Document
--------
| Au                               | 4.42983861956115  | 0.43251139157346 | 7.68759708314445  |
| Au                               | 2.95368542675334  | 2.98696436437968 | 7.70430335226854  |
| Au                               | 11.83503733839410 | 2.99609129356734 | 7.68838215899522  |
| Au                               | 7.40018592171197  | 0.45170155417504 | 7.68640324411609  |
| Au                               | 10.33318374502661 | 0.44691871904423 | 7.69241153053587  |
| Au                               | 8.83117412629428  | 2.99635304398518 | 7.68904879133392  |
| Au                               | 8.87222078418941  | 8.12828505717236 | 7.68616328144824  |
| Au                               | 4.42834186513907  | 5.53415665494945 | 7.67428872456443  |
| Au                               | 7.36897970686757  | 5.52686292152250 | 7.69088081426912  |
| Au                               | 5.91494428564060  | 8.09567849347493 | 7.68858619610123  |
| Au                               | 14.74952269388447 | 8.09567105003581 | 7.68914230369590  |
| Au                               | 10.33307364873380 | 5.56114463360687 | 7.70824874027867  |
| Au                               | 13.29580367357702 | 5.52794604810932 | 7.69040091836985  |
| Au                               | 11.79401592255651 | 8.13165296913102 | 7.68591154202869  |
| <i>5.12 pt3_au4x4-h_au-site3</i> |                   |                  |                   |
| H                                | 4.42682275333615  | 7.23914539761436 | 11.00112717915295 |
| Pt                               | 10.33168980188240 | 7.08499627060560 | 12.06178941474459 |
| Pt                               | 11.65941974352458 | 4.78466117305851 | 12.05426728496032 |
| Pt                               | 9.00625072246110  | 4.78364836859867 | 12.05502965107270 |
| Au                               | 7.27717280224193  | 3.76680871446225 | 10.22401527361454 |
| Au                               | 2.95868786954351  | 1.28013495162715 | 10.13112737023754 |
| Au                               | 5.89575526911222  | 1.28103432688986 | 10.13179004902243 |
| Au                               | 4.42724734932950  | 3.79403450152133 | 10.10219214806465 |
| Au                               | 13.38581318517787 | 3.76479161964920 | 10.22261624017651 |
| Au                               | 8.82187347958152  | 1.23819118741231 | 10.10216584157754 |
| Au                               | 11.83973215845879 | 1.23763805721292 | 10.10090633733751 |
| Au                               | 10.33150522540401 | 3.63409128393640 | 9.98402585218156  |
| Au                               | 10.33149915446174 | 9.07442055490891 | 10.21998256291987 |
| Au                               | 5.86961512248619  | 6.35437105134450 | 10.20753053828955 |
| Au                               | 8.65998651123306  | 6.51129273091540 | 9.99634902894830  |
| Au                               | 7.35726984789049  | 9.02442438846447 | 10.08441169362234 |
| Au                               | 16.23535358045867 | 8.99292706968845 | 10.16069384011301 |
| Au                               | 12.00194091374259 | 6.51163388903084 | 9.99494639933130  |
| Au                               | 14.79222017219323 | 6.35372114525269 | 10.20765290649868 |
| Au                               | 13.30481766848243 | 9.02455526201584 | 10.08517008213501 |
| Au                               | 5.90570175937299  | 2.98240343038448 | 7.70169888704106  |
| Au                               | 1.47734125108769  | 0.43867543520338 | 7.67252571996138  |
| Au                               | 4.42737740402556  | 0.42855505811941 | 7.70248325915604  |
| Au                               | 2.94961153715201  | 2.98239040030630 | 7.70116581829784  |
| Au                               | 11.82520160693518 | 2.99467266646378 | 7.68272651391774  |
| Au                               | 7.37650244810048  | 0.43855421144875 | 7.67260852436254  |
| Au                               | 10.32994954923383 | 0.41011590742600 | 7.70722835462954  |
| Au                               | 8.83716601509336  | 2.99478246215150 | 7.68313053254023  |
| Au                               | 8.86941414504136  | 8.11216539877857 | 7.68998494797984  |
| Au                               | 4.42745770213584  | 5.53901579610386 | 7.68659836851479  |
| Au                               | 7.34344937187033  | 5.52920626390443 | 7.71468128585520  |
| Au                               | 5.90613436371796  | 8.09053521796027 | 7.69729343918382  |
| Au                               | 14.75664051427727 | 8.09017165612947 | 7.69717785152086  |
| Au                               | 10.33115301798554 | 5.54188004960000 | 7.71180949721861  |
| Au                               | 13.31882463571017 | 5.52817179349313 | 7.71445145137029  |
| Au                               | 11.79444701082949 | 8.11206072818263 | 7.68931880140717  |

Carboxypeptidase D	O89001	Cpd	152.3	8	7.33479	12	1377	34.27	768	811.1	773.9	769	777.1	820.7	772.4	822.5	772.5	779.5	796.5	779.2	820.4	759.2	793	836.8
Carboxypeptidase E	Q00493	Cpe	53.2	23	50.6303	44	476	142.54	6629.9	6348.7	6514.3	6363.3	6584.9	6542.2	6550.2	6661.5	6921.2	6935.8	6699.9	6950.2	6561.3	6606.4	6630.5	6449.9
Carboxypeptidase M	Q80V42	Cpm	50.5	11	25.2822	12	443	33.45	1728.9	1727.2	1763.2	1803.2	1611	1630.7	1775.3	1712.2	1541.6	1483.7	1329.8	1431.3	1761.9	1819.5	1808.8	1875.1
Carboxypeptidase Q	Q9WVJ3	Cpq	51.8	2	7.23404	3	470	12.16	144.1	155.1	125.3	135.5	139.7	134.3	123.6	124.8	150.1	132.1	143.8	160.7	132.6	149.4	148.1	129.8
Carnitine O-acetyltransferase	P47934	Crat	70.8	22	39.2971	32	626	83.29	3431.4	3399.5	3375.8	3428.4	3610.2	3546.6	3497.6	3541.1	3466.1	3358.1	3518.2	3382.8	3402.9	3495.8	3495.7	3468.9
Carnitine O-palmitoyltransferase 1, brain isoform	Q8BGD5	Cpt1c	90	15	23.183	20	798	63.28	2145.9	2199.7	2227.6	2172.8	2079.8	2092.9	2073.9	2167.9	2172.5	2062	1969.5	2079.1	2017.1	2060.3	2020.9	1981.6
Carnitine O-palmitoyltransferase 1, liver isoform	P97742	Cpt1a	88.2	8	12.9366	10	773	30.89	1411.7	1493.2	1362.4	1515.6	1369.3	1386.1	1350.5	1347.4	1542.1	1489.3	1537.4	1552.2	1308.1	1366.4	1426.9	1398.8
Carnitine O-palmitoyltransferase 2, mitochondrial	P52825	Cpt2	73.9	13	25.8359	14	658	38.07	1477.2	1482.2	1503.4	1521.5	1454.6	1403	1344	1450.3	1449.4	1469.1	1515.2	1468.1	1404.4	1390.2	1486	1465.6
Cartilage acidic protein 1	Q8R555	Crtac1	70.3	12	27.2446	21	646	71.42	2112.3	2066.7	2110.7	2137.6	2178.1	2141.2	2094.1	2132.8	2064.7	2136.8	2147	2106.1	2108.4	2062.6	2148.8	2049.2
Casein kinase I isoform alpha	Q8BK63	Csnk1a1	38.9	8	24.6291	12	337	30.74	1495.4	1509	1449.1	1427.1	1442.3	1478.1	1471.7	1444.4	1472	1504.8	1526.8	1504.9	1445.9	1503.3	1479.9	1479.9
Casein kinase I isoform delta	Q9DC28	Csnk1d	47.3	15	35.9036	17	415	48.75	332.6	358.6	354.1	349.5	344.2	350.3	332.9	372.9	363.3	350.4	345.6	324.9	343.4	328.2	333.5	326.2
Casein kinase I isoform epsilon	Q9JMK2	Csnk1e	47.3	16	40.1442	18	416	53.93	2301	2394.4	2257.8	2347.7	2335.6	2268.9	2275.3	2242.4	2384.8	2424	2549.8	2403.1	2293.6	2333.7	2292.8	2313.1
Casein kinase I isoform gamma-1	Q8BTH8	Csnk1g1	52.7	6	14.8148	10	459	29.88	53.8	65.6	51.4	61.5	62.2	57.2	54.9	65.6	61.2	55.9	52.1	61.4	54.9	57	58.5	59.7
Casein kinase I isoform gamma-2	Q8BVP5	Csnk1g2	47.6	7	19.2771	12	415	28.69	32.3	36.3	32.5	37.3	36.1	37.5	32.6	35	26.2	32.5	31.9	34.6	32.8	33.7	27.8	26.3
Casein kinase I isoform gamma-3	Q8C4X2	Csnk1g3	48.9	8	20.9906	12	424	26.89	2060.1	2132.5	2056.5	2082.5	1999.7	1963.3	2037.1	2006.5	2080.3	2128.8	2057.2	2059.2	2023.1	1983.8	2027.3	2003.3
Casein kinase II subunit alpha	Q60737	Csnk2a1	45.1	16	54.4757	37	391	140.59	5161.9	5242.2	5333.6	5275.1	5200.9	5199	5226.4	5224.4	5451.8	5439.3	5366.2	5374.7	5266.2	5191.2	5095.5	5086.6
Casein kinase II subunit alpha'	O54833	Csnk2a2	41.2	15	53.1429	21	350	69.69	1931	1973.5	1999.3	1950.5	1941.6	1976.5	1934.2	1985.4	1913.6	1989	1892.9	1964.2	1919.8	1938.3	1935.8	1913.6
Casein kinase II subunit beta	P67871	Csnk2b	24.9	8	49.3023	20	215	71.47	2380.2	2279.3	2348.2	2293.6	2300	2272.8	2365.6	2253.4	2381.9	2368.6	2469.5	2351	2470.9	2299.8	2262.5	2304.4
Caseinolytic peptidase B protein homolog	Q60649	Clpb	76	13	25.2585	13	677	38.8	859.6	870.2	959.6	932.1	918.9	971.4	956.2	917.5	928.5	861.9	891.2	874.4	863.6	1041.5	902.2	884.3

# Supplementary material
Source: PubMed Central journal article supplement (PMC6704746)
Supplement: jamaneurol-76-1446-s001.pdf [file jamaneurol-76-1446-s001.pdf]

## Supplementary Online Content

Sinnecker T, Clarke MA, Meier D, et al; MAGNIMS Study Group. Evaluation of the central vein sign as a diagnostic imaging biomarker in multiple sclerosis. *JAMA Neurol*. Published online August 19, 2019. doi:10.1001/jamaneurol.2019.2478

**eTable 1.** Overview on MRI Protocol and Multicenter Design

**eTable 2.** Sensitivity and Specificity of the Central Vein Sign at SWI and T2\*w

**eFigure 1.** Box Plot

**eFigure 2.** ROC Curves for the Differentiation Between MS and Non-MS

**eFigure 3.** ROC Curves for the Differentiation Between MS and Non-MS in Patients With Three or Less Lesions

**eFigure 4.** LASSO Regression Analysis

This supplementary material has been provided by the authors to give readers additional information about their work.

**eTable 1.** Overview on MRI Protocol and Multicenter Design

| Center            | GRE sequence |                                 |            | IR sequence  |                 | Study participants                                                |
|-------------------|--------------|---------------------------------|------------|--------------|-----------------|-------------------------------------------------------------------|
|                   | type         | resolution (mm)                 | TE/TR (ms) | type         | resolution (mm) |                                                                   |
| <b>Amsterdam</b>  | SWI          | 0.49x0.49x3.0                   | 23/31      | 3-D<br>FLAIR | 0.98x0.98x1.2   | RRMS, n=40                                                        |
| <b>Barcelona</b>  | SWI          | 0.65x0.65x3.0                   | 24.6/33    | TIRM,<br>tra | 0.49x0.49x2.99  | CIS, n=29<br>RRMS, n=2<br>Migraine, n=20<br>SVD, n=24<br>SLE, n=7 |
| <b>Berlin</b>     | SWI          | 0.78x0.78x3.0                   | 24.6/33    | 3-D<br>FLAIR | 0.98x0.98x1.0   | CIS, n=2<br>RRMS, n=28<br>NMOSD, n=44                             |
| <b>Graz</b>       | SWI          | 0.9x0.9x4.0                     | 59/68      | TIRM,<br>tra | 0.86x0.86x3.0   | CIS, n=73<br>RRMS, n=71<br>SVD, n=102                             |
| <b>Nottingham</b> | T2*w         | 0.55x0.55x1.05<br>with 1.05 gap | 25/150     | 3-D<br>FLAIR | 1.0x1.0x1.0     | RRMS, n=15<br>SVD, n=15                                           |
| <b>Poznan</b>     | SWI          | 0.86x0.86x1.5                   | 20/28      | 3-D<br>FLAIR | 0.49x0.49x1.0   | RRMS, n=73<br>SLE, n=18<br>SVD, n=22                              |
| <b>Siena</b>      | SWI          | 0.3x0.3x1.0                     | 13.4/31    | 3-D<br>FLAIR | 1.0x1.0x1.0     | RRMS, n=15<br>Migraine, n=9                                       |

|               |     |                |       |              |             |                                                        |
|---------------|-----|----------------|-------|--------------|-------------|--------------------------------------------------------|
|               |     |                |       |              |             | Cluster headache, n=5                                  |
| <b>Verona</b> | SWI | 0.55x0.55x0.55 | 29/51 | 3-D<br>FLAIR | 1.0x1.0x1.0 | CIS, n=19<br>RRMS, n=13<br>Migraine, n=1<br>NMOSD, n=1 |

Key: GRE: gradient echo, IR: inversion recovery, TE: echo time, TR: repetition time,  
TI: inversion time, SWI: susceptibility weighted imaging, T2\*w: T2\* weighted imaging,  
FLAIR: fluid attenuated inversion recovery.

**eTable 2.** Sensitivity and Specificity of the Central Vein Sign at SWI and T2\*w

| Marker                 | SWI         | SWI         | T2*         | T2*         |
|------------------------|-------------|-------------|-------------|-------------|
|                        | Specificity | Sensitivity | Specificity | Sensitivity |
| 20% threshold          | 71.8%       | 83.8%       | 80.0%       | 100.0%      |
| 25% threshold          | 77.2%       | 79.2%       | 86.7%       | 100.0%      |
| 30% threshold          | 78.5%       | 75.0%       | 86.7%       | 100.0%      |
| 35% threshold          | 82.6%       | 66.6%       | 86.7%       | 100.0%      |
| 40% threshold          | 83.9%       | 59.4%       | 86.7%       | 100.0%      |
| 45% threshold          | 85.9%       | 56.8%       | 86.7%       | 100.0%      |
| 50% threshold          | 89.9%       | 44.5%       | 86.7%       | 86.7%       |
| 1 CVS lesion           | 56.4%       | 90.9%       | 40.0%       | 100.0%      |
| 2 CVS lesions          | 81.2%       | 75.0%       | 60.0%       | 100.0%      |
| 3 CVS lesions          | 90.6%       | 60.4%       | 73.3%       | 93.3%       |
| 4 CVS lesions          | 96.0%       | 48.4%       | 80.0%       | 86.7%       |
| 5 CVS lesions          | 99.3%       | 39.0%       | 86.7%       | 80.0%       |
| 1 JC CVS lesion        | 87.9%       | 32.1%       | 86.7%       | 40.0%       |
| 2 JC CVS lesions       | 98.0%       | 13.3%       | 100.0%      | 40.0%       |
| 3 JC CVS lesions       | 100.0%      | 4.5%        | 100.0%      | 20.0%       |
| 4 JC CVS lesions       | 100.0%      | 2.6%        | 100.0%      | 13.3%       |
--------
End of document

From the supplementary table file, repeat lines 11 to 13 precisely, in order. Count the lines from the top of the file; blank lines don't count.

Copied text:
| Au                               | 14.74952269388447 | 8.09567105003581 | 7.68914230369590  |
| Au                               | 10.33307364873380 | 5.56114463360687 | 7.70824874027867  |
| Au                               | 13.29580367357702 | 5.52794604810932 | 7.69040091836985  |